Amy M Haddad

3 Programming Habits to Build Now

By: Amy M Haddad


You’re learning to program, and looking for some answers. What skills do you need to develop? What concepts matter most? Which resources are best?

We’re in such a rush to get up and running as programmers that we fail to ask a critical question: what habits should I build?

The answer to this question requires the big picture view. It considers the actions to take now that’ll help as you start your programming journey, and will pay dividends in the years to come.

Whether you’re a self-taught programmer, bootcamper, or student in a formal computer science program, there are three programming habits to begin immediately to make your programming journey an effective one.

1. Learn how to learn effectively

You may be surprised that I included “learning how to learn effectively” in this blog post, and as the first habit to boot. But there’s a valid reason: it’s that important.

Yes, there are a slew of concepts and technologies to learn. However, spending time learning how to learn will help you now and as you progress in your programming career. That’s because the learning never ends.

My own journey underscores the importance of learning how to learn, which was something I failed to do on my first attempt at programming.

Three months into my self-taught journey, I was at a crossroads. I was putting in a lot of effort, but I was making little progress. The problems were hard, as were the concepts. The number of technologies I needed to learn seemed to grow by the day.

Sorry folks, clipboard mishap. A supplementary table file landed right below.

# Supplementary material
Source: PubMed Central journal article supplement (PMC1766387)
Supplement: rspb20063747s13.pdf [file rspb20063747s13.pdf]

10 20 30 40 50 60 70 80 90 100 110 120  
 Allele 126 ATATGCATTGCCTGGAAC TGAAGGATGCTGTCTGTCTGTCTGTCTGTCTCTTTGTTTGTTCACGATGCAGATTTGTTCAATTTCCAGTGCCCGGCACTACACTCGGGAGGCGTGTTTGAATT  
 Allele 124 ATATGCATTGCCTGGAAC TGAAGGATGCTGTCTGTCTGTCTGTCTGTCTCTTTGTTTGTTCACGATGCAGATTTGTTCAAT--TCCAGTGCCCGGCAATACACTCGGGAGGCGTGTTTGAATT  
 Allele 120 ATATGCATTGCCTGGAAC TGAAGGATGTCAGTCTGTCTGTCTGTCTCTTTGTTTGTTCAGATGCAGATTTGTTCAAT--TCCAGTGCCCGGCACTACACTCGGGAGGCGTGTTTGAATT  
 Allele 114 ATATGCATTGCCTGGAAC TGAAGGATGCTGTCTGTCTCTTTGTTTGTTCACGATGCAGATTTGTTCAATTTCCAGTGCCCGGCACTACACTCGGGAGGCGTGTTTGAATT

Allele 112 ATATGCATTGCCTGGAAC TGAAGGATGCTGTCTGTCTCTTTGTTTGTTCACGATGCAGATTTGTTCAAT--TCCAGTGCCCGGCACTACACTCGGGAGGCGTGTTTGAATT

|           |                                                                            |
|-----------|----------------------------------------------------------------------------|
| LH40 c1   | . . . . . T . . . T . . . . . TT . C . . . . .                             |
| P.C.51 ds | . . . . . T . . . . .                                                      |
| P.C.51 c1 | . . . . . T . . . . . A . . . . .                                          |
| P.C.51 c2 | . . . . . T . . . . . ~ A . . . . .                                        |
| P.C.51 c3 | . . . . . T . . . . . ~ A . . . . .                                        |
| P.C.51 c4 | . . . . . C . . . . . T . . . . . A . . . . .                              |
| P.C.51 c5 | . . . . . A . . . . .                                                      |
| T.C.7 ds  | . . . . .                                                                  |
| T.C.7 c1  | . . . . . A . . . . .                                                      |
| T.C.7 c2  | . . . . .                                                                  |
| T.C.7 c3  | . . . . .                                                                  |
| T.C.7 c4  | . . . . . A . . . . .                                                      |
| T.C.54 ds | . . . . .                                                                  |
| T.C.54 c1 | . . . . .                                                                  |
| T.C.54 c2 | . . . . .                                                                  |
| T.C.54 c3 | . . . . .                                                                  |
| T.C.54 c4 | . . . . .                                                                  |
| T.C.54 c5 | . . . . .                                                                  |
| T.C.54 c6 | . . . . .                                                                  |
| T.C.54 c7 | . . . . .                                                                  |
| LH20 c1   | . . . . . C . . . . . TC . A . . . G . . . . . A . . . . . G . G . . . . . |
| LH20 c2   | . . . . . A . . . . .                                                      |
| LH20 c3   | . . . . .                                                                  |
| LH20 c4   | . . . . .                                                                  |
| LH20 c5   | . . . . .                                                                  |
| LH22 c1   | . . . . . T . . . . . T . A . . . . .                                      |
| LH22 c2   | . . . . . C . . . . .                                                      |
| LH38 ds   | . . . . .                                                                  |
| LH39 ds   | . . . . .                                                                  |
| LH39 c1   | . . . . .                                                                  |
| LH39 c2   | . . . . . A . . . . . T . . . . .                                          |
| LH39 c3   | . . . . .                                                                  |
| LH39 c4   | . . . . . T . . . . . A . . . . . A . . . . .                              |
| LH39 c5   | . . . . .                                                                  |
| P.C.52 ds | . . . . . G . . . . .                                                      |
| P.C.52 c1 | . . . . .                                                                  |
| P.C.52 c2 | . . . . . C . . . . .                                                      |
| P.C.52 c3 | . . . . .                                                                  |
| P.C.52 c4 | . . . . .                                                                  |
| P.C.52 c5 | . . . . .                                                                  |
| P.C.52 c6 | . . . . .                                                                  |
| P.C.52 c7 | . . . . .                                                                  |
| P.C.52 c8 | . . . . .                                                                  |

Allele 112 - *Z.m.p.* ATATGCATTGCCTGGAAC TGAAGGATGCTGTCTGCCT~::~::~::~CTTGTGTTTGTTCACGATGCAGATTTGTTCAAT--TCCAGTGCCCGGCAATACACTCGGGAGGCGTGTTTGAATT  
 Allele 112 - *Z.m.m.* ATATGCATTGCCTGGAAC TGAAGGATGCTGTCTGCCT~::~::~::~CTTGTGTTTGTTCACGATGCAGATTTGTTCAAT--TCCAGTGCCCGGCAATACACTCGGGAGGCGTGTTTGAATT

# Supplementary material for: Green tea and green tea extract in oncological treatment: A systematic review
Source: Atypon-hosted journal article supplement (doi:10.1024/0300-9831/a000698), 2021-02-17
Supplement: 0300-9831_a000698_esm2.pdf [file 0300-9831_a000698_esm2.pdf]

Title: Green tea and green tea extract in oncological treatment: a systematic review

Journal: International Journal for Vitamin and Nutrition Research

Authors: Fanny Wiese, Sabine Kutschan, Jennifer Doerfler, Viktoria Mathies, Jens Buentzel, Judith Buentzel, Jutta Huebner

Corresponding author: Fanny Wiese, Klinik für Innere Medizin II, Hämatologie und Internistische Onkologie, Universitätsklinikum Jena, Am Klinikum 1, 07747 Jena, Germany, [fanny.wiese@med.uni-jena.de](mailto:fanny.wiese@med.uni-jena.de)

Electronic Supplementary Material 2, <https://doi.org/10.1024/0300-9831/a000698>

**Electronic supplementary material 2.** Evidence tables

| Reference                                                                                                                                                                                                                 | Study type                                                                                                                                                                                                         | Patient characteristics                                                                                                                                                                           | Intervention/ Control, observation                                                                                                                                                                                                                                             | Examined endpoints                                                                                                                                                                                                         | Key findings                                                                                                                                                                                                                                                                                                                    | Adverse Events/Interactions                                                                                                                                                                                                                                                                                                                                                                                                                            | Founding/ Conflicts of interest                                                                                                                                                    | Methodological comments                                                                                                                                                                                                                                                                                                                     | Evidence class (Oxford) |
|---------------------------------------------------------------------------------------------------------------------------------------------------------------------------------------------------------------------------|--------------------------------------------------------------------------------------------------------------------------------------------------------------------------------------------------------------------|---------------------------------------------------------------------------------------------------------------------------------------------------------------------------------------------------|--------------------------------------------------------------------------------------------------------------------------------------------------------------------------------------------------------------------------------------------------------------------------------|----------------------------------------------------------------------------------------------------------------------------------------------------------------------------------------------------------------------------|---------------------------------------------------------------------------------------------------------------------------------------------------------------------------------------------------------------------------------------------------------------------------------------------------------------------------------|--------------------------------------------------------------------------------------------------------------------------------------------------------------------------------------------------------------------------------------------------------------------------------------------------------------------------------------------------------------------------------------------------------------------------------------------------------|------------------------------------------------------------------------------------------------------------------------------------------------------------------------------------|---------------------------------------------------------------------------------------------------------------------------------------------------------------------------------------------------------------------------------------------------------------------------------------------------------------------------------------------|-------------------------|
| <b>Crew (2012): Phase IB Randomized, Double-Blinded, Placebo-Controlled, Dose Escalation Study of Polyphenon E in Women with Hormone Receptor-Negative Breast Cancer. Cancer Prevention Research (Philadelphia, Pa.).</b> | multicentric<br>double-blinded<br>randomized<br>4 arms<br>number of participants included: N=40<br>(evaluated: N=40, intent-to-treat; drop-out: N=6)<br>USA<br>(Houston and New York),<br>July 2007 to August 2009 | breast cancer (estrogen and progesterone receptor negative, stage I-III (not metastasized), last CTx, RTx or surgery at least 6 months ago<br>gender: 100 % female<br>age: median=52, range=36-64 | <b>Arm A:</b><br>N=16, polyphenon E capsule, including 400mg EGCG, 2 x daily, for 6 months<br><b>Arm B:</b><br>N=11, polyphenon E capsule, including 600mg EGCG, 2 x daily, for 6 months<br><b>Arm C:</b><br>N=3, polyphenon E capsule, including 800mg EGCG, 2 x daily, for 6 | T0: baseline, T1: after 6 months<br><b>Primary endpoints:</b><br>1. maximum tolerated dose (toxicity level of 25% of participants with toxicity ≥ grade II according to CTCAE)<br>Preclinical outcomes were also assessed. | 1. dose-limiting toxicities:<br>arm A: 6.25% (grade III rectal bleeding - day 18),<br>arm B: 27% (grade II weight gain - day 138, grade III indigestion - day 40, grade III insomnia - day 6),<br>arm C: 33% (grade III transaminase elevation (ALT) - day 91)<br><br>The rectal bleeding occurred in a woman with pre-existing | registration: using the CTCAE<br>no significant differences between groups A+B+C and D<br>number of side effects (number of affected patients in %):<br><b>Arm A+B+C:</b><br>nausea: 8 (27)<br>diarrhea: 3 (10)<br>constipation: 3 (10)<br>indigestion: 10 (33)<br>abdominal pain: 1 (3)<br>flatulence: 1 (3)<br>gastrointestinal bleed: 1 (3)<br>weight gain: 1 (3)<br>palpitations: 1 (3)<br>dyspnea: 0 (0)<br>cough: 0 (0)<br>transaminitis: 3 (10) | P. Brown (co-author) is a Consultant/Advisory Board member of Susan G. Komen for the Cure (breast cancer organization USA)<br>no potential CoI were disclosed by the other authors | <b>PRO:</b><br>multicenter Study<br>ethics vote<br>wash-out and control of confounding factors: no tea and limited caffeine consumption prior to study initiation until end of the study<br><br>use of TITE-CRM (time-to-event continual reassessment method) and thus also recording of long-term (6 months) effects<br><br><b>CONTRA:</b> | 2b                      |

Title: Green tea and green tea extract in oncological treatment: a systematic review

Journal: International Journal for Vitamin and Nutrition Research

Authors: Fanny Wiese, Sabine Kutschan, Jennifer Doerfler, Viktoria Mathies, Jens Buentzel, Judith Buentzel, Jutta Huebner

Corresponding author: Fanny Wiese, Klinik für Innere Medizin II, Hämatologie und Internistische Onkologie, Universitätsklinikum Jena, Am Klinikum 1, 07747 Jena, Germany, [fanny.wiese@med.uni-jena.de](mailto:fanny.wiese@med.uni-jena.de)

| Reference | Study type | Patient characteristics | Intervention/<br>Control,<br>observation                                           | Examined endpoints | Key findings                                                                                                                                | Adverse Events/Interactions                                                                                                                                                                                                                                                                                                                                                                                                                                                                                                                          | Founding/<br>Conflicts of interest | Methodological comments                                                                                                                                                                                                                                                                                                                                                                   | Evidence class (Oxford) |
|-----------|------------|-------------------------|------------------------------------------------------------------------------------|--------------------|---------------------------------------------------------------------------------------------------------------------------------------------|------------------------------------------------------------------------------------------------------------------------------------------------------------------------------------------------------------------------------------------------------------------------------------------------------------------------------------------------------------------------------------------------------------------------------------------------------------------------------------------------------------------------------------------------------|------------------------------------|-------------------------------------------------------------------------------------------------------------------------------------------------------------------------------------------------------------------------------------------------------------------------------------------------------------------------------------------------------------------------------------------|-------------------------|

I didn’t know how to learn technical topics effectively. Plus, I didn’t have a solid learning strategy in place. I felt completely overwhelmed and underprepared.

Then the unexpected happened. I listened to a podcast where Shane Parrish interviewed Barbara Oakley, an engineering professor and author. The topic was “learning how to learn.”

Listening to this podcast was a turning point for me. It’s when I decided to restart my programming journey the right way, which meant learning how to learn. I read books and watched lectures online about how to learn; I also evaluated my own learning style and the programming resources I’d used.

At the same time, I developed an overall learning strategy that included multiple streams of learning.

I did these things as I rebooted my programming journey. In round two of learning to program, I felt much more prepared: the learning began to stick and I figured out how to work through mental roadblocks.

It’s not to say that learning how to learn makes learning to program easy. Programming is still hard. But the process becomes much more effective.

Despite your current path (school, bootcamp, or self-taught), at some point you’ll have to learn a language or technology on your own, and you’ll have to come up with the best way to do so. So it’s worth taking the time to figure that out now.

That said, here are several learning resources I recommend:

2. Learn how to problem-solve and get good at it

When given a math problem in school I’d dive in at full-speed, which is what I did when I started to program.

No plan. No process. No stopping to think what the question was really asking. Unsurprisingly, I was spinning my wheels unnecessarily and hitting roadblocks on the simplest of problems.

But soon things began to change.